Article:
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I must be brief because I’m dedicating myself to “the tasks belonging to my sex” while Yoani undertakes her exemplary work as a citizen ambassador. What most caught my attention in the recent “elections” was Raul Castro repeating that Machado Ventura would not leave, nor would we have to wait another day to know the names of the members of the new Council of State. What I most admired was the popular indifference. As I noted in my Twitter account, there were no popular celebrations, people didn’t go out into the street to celebrate the reelection of their leader, the car horns didn’t make the slightest noise, and it didn’t occur to anyone to hang a Cuban flag from their balcony. If we compare this chilly reception with the demonstrations we saw in Ecuador at the reelection of Correa, or the symbolic welcome Chavez received in Venezuela, we have to conclude that those Revolutionary emotions, that overwhelming enthusiasm so bragged about, have died forever.
This will be not only be the last term of Raul Castro, but also the swan song for the already dying Cuban revolution.
25 February 2013
A dozen countries are included in this trip to accept academic invitations and attend social networking and media events. If, as has been said, Yoani was the thermometer to measure the scope of the new travel regulations, we have to accept that — despite its limitations — this is the most important reform implemented by Raul Castro in the political and social realm. A few hours earlier Rosa María Payá, daughter of the deceased opponent Oswaldo Payá, had headed for Europe and now other prominent personalities of civil society, such as Dagoberto Valdez, Berta Soler and Wilfredo Vallin, are arranging their visas.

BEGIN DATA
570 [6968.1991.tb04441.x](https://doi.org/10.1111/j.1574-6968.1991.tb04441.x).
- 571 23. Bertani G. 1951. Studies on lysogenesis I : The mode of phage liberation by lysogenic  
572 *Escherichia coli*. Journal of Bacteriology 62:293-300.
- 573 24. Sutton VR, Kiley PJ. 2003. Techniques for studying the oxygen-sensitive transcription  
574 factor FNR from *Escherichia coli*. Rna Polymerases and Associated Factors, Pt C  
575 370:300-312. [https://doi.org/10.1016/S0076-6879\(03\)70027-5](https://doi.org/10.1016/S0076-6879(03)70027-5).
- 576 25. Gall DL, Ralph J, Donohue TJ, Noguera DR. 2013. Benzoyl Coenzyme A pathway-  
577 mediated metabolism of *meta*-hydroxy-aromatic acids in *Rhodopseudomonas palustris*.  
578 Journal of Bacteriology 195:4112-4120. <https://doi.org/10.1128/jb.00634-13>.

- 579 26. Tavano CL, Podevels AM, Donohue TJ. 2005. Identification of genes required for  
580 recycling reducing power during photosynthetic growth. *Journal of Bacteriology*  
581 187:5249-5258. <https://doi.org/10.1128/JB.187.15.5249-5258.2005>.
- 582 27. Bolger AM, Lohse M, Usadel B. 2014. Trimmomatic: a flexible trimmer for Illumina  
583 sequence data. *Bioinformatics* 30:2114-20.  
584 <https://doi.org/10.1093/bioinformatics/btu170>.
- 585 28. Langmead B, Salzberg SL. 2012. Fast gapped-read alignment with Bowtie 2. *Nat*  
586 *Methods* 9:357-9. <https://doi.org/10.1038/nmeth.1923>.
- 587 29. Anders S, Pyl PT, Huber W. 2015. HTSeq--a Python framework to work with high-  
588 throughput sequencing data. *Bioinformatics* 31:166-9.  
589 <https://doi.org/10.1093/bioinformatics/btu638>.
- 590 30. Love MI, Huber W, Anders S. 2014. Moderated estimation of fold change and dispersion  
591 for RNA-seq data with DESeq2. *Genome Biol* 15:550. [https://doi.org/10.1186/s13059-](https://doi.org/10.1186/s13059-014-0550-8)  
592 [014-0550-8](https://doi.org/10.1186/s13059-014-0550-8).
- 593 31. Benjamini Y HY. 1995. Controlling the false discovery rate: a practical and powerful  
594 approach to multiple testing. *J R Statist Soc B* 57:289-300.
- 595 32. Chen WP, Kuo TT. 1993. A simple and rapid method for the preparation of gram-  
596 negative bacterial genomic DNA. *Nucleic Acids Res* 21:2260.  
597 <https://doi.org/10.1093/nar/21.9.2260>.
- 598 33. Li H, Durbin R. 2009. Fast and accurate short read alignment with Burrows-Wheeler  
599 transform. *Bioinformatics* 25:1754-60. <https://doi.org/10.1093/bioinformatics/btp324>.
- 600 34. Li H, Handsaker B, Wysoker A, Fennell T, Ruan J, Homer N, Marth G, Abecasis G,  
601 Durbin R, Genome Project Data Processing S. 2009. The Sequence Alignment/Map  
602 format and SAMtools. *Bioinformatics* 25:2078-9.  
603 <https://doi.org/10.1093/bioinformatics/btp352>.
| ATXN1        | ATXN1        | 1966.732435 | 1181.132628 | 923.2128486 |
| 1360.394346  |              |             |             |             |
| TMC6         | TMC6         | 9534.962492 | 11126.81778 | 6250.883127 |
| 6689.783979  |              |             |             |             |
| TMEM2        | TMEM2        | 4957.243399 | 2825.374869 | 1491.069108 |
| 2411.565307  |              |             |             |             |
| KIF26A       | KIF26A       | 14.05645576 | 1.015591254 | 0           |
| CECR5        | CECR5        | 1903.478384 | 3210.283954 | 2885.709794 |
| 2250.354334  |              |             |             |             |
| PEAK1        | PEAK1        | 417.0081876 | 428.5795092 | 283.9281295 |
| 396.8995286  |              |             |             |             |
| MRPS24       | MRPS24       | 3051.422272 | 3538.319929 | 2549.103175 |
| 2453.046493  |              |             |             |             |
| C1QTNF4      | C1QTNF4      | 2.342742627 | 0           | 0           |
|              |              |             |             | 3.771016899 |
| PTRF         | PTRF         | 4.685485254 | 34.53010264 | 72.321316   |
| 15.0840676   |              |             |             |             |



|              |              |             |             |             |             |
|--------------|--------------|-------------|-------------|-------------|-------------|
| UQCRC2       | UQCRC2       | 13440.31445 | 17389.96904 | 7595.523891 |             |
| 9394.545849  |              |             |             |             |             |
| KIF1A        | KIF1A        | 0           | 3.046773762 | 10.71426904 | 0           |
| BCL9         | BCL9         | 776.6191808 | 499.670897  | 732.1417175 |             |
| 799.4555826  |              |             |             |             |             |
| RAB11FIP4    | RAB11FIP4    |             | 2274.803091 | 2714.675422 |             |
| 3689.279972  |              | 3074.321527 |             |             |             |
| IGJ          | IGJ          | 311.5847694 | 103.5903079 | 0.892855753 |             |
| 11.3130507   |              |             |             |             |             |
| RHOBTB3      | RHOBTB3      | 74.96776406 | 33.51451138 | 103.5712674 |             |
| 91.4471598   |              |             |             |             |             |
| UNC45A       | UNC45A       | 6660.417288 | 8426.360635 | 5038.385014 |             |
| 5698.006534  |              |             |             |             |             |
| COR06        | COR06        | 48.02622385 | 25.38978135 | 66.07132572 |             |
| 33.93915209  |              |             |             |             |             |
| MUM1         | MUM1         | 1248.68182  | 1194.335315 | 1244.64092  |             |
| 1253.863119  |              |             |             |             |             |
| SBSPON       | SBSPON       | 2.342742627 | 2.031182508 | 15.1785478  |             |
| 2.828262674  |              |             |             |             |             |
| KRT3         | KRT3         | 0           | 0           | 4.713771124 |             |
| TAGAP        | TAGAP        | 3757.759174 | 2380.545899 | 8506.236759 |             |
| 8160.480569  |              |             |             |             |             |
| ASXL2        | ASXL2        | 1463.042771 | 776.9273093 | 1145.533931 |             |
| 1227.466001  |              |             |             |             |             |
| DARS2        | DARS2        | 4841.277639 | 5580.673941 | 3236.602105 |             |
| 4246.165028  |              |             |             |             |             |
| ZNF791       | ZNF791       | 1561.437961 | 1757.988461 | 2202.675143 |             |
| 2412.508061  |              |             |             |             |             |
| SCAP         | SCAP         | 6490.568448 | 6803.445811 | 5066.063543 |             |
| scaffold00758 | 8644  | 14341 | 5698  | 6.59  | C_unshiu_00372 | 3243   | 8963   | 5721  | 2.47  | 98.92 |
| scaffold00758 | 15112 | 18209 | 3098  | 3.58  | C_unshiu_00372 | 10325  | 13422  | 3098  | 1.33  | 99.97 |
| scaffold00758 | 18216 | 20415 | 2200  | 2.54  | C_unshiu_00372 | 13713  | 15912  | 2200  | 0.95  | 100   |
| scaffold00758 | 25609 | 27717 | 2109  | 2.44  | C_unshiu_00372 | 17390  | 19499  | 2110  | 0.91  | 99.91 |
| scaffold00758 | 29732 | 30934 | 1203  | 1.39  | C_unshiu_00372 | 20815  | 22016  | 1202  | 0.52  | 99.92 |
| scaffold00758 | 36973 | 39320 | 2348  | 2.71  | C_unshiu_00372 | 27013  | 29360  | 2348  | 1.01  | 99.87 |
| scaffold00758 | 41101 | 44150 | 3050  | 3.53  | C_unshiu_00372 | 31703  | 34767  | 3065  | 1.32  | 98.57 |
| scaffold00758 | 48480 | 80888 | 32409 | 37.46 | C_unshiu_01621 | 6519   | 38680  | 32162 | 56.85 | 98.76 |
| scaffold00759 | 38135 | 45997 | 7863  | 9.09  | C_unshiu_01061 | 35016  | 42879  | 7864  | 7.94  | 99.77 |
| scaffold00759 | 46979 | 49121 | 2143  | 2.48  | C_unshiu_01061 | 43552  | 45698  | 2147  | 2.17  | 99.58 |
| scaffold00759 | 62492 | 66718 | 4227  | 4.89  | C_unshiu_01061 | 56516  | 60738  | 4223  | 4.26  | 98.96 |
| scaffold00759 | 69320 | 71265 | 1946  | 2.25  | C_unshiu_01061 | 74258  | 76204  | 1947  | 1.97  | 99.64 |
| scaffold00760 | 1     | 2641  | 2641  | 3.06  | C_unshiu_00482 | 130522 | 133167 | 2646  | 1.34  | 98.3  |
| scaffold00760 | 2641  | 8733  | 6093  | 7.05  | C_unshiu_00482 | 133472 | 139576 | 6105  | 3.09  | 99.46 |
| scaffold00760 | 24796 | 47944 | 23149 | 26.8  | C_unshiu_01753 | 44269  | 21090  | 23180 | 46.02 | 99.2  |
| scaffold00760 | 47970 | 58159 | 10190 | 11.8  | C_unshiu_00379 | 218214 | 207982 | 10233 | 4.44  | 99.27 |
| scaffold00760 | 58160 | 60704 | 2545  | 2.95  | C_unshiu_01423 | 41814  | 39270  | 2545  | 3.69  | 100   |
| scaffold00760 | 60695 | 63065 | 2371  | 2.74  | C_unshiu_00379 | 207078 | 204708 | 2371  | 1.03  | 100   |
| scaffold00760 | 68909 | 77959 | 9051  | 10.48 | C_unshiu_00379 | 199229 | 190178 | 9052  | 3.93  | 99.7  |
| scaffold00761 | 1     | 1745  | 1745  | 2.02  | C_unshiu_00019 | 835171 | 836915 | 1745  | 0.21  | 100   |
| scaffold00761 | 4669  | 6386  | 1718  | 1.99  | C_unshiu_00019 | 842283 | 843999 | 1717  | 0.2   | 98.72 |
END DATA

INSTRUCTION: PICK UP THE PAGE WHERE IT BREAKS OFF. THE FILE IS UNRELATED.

Currently the travel restrictions are being maintained only against those who were imprisoned during the Black Spring of 2003 and who now “enjoy” the status of being on parole but have not been pardoned or reprieved, so by law they are considered to have outstanding convictions.
The presence abroad of those who are now crossing the national borders represents the exercise of popular diplomacy by citizen ambassadors. It breaks the monopoly of the Cuban authorities and its official sector, as the “tolerated inconvenient” spread a version of our reality.
18 February 2013